For now, though, all eyes are on the UK. The British people face a momentous decision with existential implications for their culture, economy, and political system. May wisdom guide them.

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Mark Hendrickson recently retired from his position as adjunct professor of economics and entrepreneurship at Grove City College, where he taught since 2004. He is also a Fellow for Economic and Social Policy with the Institute for Faith & Freedom, for which he writes regular commentaries. He is a contributing editor of The St. Croix Review and, sits on the Council of Scholars of the Commonwealth Foundation, writes the “No Panaceas” column in the Op/Ed section of, and is a contributor at

After completing his B.A. in Spanish from Albion College, he at various times studied at the University of Michigan School of Law, Oxford University (Shakespeare and world literature), and Harvard (moral education) before earning his masters and doctorate degrees under the tutelage of the late economist and Grove City College icon, Dr. Hans F. Sennholz.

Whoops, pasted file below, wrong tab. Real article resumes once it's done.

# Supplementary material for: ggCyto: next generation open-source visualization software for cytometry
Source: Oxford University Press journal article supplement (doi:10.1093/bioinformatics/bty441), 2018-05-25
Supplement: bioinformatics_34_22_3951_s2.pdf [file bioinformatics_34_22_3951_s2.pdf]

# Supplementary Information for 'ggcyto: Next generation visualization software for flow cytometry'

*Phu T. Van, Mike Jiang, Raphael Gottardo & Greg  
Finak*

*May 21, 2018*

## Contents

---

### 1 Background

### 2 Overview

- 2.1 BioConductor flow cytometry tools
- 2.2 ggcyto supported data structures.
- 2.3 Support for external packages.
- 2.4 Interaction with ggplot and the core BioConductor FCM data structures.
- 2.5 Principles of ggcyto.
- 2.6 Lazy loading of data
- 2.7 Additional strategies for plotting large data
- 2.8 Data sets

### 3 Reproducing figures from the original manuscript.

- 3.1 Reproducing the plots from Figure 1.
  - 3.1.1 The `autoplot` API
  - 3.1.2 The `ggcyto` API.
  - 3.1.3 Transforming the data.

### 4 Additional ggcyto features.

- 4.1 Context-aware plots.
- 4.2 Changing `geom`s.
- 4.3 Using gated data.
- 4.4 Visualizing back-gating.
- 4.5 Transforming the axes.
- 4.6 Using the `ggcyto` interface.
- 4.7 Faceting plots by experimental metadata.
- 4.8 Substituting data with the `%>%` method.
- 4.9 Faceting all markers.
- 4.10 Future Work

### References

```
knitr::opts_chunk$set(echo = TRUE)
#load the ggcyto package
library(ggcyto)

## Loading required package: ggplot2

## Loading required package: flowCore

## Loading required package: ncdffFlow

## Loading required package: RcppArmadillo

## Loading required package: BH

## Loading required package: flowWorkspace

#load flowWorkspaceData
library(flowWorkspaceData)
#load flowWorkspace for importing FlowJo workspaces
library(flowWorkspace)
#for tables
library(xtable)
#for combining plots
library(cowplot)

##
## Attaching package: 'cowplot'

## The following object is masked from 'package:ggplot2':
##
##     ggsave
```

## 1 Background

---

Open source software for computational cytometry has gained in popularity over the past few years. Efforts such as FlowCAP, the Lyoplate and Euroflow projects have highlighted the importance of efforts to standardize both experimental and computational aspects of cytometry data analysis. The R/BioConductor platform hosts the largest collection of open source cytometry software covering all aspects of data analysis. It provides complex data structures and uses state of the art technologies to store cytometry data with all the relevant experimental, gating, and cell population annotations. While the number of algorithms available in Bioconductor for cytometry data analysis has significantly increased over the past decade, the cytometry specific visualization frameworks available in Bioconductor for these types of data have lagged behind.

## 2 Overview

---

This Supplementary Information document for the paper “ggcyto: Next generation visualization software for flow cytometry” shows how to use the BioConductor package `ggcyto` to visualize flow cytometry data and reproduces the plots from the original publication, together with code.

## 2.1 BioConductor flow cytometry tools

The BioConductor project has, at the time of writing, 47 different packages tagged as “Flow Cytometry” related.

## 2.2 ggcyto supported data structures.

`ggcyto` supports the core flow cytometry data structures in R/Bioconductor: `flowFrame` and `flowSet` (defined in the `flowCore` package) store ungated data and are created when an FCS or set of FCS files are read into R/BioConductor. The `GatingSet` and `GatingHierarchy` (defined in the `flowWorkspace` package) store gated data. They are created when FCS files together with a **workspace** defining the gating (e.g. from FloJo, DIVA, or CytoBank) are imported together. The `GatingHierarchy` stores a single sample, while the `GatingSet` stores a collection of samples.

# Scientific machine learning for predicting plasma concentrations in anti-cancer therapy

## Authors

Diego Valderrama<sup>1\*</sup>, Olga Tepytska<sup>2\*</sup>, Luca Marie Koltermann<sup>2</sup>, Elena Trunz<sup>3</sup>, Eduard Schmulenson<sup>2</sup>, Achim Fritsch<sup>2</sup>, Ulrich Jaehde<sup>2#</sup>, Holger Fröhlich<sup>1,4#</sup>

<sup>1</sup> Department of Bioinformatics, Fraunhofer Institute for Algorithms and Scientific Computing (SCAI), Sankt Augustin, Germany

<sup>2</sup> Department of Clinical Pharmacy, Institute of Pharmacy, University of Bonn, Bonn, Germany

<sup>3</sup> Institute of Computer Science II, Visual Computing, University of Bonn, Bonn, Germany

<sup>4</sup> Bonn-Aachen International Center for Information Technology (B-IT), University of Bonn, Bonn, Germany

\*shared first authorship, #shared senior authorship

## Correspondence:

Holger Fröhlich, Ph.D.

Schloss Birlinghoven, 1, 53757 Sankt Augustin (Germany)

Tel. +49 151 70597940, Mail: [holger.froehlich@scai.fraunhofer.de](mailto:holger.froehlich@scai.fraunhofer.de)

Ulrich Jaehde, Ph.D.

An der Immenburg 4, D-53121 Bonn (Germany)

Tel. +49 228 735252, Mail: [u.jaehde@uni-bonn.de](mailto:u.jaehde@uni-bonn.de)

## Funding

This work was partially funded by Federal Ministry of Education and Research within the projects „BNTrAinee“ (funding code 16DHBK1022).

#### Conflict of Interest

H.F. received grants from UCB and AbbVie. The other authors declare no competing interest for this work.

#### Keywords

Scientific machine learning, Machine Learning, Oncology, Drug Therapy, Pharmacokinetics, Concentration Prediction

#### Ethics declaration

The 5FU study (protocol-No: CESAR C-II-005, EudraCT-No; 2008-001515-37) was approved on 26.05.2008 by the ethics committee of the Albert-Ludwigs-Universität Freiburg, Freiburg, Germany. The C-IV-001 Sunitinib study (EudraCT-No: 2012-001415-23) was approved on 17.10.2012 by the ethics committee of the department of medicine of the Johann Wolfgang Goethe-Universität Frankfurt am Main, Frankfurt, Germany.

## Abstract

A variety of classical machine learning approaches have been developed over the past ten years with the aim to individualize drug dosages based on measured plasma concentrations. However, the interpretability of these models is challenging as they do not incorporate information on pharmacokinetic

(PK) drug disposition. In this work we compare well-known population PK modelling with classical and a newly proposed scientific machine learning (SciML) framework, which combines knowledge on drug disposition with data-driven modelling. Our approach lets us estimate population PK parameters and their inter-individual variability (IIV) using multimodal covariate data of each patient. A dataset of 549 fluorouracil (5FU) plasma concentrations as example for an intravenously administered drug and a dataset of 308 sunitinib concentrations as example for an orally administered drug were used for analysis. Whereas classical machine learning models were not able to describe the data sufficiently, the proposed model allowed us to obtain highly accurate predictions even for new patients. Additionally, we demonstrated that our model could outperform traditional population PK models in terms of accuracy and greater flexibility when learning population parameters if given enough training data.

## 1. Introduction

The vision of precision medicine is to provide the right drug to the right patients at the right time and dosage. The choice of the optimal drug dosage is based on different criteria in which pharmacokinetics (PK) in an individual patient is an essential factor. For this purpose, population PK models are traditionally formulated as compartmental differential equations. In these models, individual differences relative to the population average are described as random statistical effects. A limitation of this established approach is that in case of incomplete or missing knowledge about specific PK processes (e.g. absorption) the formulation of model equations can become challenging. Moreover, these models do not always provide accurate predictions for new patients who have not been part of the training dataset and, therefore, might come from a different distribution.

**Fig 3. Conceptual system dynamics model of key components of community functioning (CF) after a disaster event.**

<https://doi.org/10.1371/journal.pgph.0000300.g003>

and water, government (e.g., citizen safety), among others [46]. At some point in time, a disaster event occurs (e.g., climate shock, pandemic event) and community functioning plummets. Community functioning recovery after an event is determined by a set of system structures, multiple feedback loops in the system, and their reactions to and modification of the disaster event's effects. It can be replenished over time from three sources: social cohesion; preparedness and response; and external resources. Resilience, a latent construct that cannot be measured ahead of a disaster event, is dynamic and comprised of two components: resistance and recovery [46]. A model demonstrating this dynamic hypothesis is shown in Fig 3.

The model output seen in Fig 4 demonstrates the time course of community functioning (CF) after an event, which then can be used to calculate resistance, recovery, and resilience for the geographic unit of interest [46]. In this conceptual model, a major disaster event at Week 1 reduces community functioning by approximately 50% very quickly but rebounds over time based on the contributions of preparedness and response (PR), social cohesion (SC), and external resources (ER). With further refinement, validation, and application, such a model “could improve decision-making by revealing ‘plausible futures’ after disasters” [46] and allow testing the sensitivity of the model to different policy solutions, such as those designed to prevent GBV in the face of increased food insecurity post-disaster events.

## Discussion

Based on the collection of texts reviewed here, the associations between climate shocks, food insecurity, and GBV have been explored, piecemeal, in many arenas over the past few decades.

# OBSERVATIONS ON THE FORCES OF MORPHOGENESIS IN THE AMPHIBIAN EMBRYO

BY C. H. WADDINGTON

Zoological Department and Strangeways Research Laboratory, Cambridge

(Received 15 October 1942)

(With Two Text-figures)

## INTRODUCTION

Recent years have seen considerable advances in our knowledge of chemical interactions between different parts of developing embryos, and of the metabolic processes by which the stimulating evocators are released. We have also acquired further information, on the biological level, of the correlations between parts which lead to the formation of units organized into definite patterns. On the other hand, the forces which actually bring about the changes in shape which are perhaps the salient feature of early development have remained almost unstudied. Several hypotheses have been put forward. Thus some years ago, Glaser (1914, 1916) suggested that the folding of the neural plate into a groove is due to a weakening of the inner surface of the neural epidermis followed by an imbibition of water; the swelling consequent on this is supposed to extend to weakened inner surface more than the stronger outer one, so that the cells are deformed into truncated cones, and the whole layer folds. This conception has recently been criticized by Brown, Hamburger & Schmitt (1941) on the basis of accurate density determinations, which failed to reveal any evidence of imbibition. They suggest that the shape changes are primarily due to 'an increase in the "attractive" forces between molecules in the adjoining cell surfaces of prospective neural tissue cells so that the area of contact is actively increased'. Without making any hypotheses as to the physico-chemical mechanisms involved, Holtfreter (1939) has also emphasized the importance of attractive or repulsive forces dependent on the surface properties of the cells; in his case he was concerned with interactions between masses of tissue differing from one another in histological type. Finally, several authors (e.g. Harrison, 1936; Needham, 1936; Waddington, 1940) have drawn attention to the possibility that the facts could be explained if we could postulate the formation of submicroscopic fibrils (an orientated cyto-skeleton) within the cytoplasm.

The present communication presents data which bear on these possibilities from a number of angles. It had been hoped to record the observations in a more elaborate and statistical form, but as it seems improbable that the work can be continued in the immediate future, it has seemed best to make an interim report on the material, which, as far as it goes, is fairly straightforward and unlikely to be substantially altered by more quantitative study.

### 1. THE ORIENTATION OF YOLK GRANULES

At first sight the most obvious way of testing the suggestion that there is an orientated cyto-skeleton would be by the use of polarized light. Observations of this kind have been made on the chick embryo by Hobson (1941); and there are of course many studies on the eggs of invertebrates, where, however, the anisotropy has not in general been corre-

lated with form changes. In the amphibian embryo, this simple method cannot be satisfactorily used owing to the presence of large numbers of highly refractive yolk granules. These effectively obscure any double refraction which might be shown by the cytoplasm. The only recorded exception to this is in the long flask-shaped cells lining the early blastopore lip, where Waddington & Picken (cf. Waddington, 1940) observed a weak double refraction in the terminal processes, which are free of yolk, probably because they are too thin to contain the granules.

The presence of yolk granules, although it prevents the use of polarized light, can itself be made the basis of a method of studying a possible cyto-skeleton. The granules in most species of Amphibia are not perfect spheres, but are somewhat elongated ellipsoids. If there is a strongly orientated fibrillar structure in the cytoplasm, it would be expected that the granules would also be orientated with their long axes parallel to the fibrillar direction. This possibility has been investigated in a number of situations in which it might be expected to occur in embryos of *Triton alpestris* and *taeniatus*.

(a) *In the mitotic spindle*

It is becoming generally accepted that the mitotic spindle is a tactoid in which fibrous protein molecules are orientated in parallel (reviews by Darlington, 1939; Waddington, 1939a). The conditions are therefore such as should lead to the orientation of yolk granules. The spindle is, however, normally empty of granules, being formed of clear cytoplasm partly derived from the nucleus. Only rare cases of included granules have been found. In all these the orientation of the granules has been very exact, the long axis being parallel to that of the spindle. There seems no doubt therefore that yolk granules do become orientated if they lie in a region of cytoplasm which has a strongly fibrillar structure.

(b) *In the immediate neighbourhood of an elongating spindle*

His published books include: America’s March Toward Communism (1987)—a study 📖 of the extent to which Karl Marx’s ten point-platform for socializing an economy has been implemented in the United States; The Morality of Capitalism (editor, 1992); Famous But Nameless: Inspiration and Lessons from the Bible’s Anonymous Characters (2011); and God and Man on Wall Street: The Conscience of Capitalism (with Craig Columbus, 2012). His most recent book is Problems with Piketty: The Flaws and Fallacies in ‘Capital in the Twenty-First Century.’ 

Hendrickson’s commentaries have been published in The Freeman, Reason, New Guard, Human Events, The Washington Times, The Washington Examiner, The Christian Science Monitor,, and, among others.

Hendrickson lives with his wife Eileen in Amish country near Grove City.


eHeziBrexit: What Is At Stake?